In order to explore what it means to be a teen in America in the 90s, Hersch went into the middle and high schools of Reston, Virginia, and sought out a "representative sample" of 8 teens. She then followed these teens through the ups and downs of their teen years by interviewing them and attending school and extracurricular activites with them. She did everything she could to get to know her subjects and see the world through their eyes. The issues that the teens deal with are familiar ones such as broken families, sexual activity, school performance, drugs and alcohol, and identity.
Perhaps the most important idea contained in this book is that teens need the support of parents, teachers, counselors, and other adults. Teens are a "tribe apart" because the adults in their lives seek to control and discipline (or otherwise ignore) them rather than take the time to understand them and legitimize the struggles that they have growing up. Of course, this is certainly not representative of the lives of all teens; loving parents, positive role models and supportive home environments do exist. In this respect, Hersch's reporting is somewhat sensationalistic and lopsided. However, the portraits of teens growing up in the face of adversity is poignant. For a broader spectrum of teens' lives from their perspective, readers could also try Seen and Heard: Teenagers Talk About Their Lives by Mary Motley Kalergis.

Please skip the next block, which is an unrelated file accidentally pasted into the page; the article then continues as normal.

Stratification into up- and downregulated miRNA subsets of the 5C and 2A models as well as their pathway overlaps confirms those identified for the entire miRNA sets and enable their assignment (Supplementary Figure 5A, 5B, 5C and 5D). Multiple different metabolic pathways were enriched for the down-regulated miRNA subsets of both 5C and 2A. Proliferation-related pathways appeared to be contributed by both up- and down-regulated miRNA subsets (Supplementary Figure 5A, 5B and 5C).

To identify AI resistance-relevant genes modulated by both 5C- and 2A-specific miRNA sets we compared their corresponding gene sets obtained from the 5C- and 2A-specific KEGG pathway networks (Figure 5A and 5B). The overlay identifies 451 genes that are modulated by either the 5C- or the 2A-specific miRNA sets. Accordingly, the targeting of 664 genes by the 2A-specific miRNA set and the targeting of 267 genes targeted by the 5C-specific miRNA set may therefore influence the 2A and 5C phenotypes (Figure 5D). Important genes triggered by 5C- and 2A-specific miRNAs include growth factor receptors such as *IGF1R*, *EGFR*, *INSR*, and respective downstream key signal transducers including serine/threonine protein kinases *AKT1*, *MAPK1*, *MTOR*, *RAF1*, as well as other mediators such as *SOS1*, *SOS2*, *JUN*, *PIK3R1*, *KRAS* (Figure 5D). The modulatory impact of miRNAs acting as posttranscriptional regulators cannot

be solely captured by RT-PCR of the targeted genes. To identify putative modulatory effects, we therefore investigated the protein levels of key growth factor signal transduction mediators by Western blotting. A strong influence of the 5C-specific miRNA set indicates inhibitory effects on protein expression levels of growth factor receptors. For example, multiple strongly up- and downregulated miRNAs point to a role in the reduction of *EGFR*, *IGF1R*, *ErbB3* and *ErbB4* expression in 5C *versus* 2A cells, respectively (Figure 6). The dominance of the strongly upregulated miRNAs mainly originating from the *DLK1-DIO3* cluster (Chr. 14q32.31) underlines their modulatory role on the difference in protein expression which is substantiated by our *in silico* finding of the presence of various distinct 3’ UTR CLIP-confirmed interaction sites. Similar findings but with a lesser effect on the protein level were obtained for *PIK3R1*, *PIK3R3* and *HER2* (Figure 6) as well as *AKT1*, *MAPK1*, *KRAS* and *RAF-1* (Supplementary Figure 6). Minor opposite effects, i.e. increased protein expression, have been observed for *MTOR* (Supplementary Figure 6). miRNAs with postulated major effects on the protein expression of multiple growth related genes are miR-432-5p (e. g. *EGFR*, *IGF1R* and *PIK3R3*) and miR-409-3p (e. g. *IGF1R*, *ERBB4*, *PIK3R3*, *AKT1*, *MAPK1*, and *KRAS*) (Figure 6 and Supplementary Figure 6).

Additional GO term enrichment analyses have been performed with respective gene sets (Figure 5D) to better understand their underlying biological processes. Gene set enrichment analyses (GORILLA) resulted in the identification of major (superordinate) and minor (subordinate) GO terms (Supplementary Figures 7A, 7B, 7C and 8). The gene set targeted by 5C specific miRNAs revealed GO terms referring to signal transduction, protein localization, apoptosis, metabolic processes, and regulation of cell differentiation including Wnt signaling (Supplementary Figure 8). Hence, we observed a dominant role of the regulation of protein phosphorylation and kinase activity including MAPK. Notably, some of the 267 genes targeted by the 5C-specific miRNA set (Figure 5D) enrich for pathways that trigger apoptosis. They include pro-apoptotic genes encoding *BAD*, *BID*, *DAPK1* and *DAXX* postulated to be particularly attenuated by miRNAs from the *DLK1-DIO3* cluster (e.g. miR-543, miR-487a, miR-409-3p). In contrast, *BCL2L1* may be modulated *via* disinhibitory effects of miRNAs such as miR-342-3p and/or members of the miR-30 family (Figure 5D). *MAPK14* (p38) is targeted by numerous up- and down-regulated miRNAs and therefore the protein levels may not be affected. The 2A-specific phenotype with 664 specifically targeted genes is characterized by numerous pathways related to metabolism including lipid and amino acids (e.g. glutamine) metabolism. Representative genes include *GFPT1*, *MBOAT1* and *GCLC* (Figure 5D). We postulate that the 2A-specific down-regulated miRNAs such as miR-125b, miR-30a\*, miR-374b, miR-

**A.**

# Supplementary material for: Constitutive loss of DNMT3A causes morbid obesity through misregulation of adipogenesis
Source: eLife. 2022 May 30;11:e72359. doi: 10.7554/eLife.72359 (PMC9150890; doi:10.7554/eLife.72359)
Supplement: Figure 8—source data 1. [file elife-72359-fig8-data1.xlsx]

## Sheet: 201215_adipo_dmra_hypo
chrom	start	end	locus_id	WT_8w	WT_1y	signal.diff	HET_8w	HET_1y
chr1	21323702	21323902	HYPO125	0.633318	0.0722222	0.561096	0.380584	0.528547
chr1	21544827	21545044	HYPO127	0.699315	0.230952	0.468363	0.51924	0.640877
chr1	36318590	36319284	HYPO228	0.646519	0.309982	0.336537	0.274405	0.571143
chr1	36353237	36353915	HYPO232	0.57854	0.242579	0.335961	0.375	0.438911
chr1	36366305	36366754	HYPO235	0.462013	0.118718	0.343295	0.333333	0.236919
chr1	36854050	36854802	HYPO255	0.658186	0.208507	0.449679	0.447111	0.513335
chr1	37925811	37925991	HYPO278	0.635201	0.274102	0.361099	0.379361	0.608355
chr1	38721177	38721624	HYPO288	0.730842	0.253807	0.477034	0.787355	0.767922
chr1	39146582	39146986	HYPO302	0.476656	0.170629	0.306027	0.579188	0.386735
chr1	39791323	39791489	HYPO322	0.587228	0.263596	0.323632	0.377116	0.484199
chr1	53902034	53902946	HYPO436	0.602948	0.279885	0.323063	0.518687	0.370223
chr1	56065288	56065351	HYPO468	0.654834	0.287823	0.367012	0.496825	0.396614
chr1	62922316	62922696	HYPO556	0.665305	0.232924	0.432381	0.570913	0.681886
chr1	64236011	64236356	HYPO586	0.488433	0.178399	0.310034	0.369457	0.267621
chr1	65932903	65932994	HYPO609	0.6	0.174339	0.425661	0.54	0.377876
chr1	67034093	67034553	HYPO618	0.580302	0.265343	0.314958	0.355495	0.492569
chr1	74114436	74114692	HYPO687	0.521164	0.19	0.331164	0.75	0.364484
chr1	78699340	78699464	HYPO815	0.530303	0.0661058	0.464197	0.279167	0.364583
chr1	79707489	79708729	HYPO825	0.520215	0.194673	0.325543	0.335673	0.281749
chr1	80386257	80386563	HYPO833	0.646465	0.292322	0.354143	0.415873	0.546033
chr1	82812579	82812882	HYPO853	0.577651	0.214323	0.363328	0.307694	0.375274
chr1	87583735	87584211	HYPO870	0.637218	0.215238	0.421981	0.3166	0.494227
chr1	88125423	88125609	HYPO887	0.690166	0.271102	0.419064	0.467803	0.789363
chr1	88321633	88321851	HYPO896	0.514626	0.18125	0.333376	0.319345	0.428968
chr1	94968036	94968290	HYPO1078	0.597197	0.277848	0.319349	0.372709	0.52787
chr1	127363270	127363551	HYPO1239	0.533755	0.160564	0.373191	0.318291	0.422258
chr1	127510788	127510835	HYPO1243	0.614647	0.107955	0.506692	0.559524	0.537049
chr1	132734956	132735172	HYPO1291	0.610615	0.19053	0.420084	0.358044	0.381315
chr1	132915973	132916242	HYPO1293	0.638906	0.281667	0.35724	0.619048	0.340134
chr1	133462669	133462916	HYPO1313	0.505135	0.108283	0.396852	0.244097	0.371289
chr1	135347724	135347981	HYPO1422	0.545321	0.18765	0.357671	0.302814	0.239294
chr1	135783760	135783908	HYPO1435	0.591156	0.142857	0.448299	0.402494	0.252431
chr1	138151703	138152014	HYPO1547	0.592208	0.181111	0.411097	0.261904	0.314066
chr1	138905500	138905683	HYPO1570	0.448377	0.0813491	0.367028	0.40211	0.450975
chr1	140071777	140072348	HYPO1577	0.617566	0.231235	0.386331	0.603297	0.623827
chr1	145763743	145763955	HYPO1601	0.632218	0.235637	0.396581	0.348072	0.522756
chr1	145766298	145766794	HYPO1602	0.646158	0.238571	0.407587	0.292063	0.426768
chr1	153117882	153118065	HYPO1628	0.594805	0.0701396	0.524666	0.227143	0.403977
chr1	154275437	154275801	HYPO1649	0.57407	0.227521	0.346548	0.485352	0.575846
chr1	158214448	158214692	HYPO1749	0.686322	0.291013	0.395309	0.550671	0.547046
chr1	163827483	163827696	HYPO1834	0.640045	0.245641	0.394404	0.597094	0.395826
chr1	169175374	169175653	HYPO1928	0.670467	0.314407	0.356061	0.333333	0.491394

Reviewed by ck, 2/00. Other reviews by ck.